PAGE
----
“It’s really important to stimulate imagination in children before school sets their minds in stone and this is full of important messages about learning from adventure, making mistakes but growing. None of us are perfect, especially not the grown ups.”

As Legend of the Lost launches worldwide at the end of the month, please do keep the feedback coming in.

If you would like to receive a signed and dedicated copy, then please do contact us: and we’ll be happy to sort that out for you or loved ones, while stocks last.

About the author, Ian P Buckingham, Legend of the Lost book 1, Reviews, Uncategorized

Our love of games comes from our love of stories

Ian was pleased to offer our friends at Games You Loved an exclusive preview of Legend of the Lost as well as a Q&A style interview about the changeling trilogy, making the link between great storytelling and gaming.

Here’s how the interview went:

How Our Love of Gaming Comes from Our Love of Stories

Buckingham Book LOL

We are really pleased to be the first online channel to feature an exclusive interview with Ian P Buckingham, about the Launch of his new children’s changeling fantasy series, Legend of the Lost.

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Q: You’re a former Omnicom director, famous in management consultancy circles for influencing major brand transformations and books on management and brand, including Brand Champions, real grown up stuff. So why the move into children’s literature?

Having spent so long dealing with issues and challenges in board rooms, watching intelligent adults struggle to make sense of their world a fair way downstream from childhood dreams, I have been increasingly trying to re-connect managers and business owners with customers, employees, even shareholders. I’ve been using storytelling as a way of engaging, becoming better communicators and better leaders as a result.

I’ve run countless workshops on creating compelling stories and narratives and change journeys. These have usually referenced the classic hero’s journey structure of mythologist Joseph Campbell and his ilk to show how timeless and instinctive storytelling should be. But I have always harboured a desire to work with people upstream, to write for a younger or more open-minded audience before, I guess, the cynicism and the bad habits set in.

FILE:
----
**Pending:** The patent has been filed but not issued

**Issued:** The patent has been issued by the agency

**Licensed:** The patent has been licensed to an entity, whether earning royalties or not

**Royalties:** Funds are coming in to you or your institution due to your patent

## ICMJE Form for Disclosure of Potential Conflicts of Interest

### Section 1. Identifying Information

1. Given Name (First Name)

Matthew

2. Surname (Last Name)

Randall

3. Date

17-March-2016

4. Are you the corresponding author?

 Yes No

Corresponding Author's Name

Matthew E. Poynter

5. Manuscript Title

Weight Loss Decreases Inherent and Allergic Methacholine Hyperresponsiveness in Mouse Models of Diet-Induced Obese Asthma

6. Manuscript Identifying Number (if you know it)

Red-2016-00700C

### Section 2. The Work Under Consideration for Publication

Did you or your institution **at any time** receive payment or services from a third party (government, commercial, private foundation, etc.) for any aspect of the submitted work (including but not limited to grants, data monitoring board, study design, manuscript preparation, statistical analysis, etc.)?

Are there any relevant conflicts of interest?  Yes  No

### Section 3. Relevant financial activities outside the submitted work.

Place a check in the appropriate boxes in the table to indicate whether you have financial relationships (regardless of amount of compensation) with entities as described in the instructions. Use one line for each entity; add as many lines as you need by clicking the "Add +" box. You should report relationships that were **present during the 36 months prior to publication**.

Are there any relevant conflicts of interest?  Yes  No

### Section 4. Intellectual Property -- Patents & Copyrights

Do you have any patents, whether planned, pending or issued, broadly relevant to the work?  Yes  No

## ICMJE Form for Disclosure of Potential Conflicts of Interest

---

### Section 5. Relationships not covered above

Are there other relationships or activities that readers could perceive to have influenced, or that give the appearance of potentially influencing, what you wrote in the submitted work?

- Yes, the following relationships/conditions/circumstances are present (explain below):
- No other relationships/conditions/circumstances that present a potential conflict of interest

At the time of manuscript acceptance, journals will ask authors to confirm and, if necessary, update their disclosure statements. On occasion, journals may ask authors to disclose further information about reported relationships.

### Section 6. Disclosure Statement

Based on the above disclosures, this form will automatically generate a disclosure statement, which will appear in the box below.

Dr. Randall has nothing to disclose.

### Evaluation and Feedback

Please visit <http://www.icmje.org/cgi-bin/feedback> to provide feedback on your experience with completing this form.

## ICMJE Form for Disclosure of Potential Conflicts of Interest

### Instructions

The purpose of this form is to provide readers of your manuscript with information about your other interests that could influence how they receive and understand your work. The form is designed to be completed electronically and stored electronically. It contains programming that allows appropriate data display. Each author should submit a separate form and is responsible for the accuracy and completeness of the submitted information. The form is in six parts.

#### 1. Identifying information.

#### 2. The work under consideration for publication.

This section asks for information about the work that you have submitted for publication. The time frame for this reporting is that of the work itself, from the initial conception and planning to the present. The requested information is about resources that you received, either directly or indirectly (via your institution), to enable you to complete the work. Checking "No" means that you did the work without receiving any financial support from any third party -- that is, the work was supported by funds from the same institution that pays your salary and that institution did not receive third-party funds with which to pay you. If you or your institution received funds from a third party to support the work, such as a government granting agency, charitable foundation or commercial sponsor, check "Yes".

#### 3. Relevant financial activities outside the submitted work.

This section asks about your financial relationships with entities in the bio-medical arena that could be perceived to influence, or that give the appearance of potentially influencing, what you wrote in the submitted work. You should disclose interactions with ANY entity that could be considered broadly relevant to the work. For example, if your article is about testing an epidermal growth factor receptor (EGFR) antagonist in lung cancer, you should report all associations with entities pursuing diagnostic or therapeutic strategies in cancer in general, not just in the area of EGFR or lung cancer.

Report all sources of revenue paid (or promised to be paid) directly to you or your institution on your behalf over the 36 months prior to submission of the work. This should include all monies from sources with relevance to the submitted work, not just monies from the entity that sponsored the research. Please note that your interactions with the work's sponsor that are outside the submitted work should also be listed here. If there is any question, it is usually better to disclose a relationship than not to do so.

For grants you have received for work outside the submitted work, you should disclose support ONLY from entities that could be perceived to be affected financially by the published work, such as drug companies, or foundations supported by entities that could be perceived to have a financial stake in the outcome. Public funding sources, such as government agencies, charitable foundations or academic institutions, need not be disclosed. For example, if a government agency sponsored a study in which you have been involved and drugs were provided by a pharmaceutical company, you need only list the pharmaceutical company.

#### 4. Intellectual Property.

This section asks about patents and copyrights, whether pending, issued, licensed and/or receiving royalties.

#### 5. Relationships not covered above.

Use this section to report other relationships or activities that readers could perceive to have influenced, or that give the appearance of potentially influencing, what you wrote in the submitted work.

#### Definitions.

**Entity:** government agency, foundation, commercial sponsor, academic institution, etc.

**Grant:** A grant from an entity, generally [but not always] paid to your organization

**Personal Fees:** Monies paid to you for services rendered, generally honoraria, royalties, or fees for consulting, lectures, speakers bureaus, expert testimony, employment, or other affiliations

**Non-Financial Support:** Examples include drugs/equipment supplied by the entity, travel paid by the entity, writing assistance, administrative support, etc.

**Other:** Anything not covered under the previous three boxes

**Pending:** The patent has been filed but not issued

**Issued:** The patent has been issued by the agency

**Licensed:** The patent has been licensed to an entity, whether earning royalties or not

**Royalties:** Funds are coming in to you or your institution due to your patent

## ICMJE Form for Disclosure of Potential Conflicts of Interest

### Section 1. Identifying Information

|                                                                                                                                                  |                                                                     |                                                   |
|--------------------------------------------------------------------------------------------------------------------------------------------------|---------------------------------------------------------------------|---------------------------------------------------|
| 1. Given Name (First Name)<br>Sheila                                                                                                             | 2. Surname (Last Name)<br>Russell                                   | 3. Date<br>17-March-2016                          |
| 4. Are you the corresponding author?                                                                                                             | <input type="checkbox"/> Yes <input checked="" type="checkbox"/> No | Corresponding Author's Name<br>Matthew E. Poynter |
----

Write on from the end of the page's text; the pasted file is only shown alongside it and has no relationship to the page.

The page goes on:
Q: The first book in your trilogy is a classic-style children’s fiction thriller. It has a real sense of the legendary sword and sorcery about it with a modern twist. People are going to recognise iconic villains like the werebeasts, faerie folk and dark sorcerers. They will also identify with the journey of discovery the children go on to combat evil, uncovering special powers and magical items on the way. For me it felt it had a strong gaming feel to it at times.

Well, I’m glad you noticed. In terms of the story, I grew up reading classics like the Grimm brothers, Blyton’s Enchanted Wood and Flying Chair series and the Hardy Boys books. I then moved onto Lewis and Tolkien then the Star Wars books when older. After that I voraciously devoured superhero comics, then pulp fiction detective classics then horror writers like Stephen King. Then Ian Livingstone’s fighting fantasy work came along with other output from the Games Workshop and the work of Gary Gygax and co which all became major influences as I started AD&D role-playing. Fantasy writers like Moorcock, Howard and Iain Banks played their part too.

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I personally started gaming on an Atari with all its unique charms. But I can still remember the thrill of the first narrative games like The Hobbit on my ZX Spectrum. I have been bitten by the first-person gaming bug ever since. Most recently addictions have included Shadow of Mordor, Battlegrounds, Medal of Honour and the Assassin’s Creed series. They all have strong stories at their core.

There is clearly a basic instinct in gamers to honour the demands of storytelling narrative and the rules and rituals we learn when our parents read us our first and most basic tales. The oral tradition of passing on stories, myths and legends is as old as time. It’s a powerful instinct and I believe online and vintage gaming is now a key part of the same tradition.

Squaring the circle, I can see gaming and gamification playing an increasingly important role in formal executive education and school too.

Q: So why write for young children, why not older gamers?

I guess I wanted to be part of the process that influences people earlier. I studied children’s literature and what a lot of people don’t realise is that much literature for kids is actually morally instructive. It teaches kids how to make sense of challenges, avoid danger and the informal rules and rituals of their culture. Sure there’s some of the usual good vs evil stuff in my books. But in an age of sensationalism and extremism I’m also pointing out that not everything is black and white, right and wrong, good and evil. Characters have layers of complexity and vulnerability, strengths and weaknesses, important lessons we sometimes forget.